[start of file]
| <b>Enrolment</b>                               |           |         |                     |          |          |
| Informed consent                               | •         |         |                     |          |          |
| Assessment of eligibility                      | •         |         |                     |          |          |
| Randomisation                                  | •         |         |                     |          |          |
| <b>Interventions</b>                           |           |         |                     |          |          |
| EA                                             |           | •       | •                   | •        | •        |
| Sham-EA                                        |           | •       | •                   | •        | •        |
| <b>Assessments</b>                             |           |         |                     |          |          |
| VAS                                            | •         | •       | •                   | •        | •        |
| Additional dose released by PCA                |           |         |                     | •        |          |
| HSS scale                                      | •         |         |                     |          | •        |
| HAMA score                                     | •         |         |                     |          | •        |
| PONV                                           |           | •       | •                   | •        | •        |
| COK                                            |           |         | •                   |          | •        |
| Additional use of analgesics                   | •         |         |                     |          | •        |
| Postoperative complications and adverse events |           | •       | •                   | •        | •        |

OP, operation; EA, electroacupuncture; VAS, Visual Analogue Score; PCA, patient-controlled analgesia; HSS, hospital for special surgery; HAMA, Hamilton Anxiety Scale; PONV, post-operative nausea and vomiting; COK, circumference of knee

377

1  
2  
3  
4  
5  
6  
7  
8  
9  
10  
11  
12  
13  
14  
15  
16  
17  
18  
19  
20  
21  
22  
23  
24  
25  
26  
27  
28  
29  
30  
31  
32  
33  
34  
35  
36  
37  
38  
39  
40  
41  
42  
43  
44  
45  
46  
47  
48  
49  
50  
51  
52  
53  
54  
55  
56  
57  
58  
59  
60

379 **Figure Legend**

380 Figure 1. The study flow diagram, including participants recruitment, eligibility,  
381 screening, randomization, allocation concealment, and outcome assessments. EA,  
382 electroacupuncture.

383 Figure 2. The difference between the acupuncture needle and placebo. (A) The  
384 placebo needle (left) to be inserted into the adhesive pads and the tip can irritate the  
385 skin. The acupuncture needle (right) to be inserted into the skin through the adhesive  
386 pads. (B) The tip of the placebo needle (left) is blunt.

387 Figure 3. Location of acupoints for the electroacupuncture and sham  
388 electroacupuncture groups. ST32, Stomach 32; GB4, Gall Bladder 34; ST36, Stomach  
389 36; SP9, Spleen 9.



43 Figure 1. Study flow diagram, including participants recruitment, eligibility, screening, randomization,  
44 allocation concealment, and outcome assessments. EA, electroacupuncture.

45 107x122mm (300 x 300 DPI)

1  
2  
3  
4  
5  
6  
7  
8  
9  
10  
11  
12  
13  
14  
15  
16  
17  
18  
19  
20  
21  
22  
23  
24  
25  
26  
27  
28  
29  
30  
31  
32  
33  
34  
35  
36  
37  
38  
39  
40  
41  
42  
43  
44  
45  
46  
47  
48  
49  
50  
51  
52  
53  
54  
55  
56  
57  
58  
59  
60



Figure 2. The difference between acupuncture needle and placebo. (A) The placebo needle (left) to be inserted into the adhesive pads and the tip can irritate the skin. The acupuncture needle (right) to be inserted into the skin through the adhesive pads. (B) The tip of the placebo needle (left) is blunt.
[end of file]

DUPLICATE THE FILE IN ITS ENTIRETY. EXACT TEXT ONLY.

| <b>Enrolment</b>                               |           |         |                     |          |          |
| Informed consent                               | •         |         |                     |          |          |
| Assessment of eligibility                      | •         |         |                     |          |          |
| Randomisation                                  | •         |         |                     |          |          |
| <b>Interventions</b>                           |           |         |                     |          |          |
| EA                                             |           | •       | •                   | •        | •        |
| Sham-EA                                        |           | •       | •                   | •        | •        |
| <b>Assessments</b>                             |           |         |                     |          |          |
| VAS                                            | •         | •       | •                   | •        | •        |
| Additional dose released by PCA                |           |         |                     | •        |          |
| HSS scale                                      | •         |         |                     |          | •        |
| HAMA score                                     | •         |         |                     |          | •        |
| PONV                                           |           | •       | •                   | •        | •        |
| COK                                            |           |         | •                   |          | •        |
| Additional use of analgesics                   | •         |         |                     |          | •        |
| Postoperative complications and adverse events |           | •       | •                   | •        | •        |

OP, operation; EA, electroacupuncture; VAS, Visual Analogue Score; PCA, patient-controlled analgesia; HSS, hospital for special surgery; HAMA, Hamilton Anxiety Scale; PONV, post-operative nausea and vomiting; COK, circumference of knee

377

1  
2  
3  
4  
5  
6  
7  
8  
9  
10  
11  
12  
13  
14  
15  
16  
17  
18  
19  
20  
21  
22  
23  
24  
25  
26  
27  
28  
29  
30  
31  
32  
33  
34  
35  
36  
37  
38  
39  
40  
41  
42  
43  
44  
45  
46  
47  
48  
49  
50  
51  
52  
53  
54  
55  
56  
57  
58  
59  
60

379 **Figure Legend**

380 Figure 1. The study flow diagram, including participants recruitment, eligibility,  
381 screening, randomization, allocation concealment, and outcome assessments. EA,  
382 electroacupuncture.

383 Figure 2. The difference between the acupuncture needle and placebo. (A) The  
384 placebo needle (left) to be inserted into the adhesive pads and the tip can irritate the  
385 skin. The acupuncture needle (right) to be inserted into the skin through the adhesive  
386 pads. (B) The tip of the placebo needle (left) is blunt.

387 Figure 3. Location of acupoints for the electroacupuncture and sham  
388 electroacupuncture groups. ST32, Stomach 32; GB4, Gall Bladder 34; ST36, Stomach  
389 36; SP9, Spleen 9.



43 Figure 1. Study flow diagram, including participants recruitment, eligibility, screening, randomization,  
44 allocation concealment, and outcome assessments. EA, electroacupuncture.

45 107x122mm (300 x 300 DPI)

1  
2  
3  
4  
5  
6  
7  
8  
9  
10  
11  
12  
13  
14  
15  
16  
17  
18  
19  
20  
21  
22  
23  
24  
25  
26  
27  
28  
29  
30  
31  
32  
33  
34  
35  
36  
37  
38  
39  
40  
41  
42  
43  
44  
45  
46  
47  
48  
49  
50  
51  
52  
53  
54  
55  
56  
57  
58  
59  
60



Figure 2. The difference between acupuncture needle and placebo. (A) The placebo needle (left) to be inserted into the adhesive pads and the tip can irritate the skin. The acupuncture needle (right) to be inserted into the skin through the adhesive pads. (B) The tip of the placebo needle (left) is blunt.